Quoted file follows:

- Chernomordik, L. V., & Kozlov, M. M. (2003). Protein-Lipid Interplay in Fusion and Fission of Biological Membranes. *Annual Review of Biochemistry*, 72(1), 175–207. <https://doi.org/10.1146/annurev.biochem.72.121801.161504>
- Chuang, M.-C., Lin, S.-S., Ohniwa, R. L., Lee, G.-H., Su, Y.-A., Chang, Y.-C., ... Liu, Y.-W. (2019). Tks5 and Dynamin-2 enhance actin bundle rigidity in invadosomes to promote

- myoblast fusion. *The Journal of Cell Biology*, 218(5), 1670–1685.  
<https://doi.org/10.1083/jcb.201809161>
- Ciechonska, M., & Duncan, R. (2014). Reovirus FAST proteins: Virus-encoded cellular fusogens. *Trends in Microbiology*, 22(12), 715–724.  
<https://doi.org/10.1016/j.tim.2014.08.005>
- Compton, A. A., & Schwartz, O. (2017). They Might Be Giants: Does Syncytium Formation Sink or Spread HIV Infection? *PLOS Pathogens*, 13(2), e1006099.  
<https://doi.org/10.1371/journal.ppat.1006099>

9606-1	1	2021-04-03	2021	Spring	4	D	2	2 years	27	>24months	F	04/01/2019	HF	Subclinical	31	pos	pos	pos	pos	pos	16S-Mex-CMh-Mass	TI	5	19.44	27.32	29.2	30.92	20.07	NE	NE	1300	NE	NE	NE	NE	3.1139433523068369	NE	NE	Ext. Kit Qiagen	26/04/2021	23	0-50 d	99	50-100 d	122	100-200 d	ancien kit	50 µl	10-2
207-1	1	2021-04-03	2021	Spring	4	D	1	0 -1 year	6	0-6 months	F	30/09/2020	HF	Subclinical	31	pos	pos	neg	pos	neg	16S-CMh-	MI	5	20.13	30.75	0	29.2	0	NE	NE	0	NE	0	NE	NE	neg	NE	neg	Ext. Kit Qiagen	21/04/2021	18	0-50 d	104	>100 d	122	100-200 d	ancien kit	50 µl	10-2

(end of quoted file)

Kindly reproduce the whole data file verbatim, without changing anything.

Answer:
- Chernomordik, L. V., & Kozlov, M. M. (2003). Protein-Lipid Interplay in Fusion and Fission of Biological Membranes. *Annual Review of Biochemistry*, 72(1), 175–207. <https://doi.org/10.1146/annurev.biochem.72.121801.161504>
- Chuang, M.-C., Lin, S.-S., Ohniwa, R. L., Lee, G.-H., Su, Y.-A., Chang, Y.-C., ... Liu, Y.-W. (2019). Tks5 and Dynamin-2 enhance actin bundle rigidity in invadosomes to promote

- myoblast fusion. *The Journal of Cell Biology*, 218(5), 1670–1685.  
<https://doi.org/10.1083/jcb.201809161>
- Ciechonska, M., & Duncan, R. (2014). Reovirus FAST proteins: Virus-encoded cellular fusogens. *Trends in Microbiology*, 22(12), 715–724.  
<https://doi.org/10.1016/j.tim.2014.08.005>
- Compton, A. A., & Schwartz, O. (2017). They Might Be Giants: Does Syncytium Formation Sink or Spread HIV Infection? *PLOS Pathogens*, 13(2), e1006099.  
<https://doi.org/10.1371/journal.ppat.1006099>

9606-1	1	2021-04-03	2021	Spring	4	D	2	2 years	27	>24months	F	04/01/2019	HF	Subclinical	31	pos	pos	pos	pos	pos	16S-Mex-CMh-Mass	TI	5	19.44	27.32	29.2	30.92	20.07	NE	NE	1300	NE	NE	NE	NE	3.1139433523068369	NE	NE	Ext. Kit Qiagen	26/04/2021	23	0-50 d	99	50-100 d	122	100-200 d	ancien kit	50 µl	10-2
207-1	1	2021-04-03	2021	Spring	4	D	1	0 -1 year	6	0-6 months	F	30/09/2020	HF	Subclinical	31	pos	pos	neg	pos	neg	16S-CMh-	MI	5	20.13	30.75	0	29.2	0	NE	NE	0	NE	0	NE	NE	neg	NE	neg	Ext. Kit Qiagen	21/04/2021	18	0-50 d	104	>100 d	122	100-200 d	ancien kit	50 µl	10-2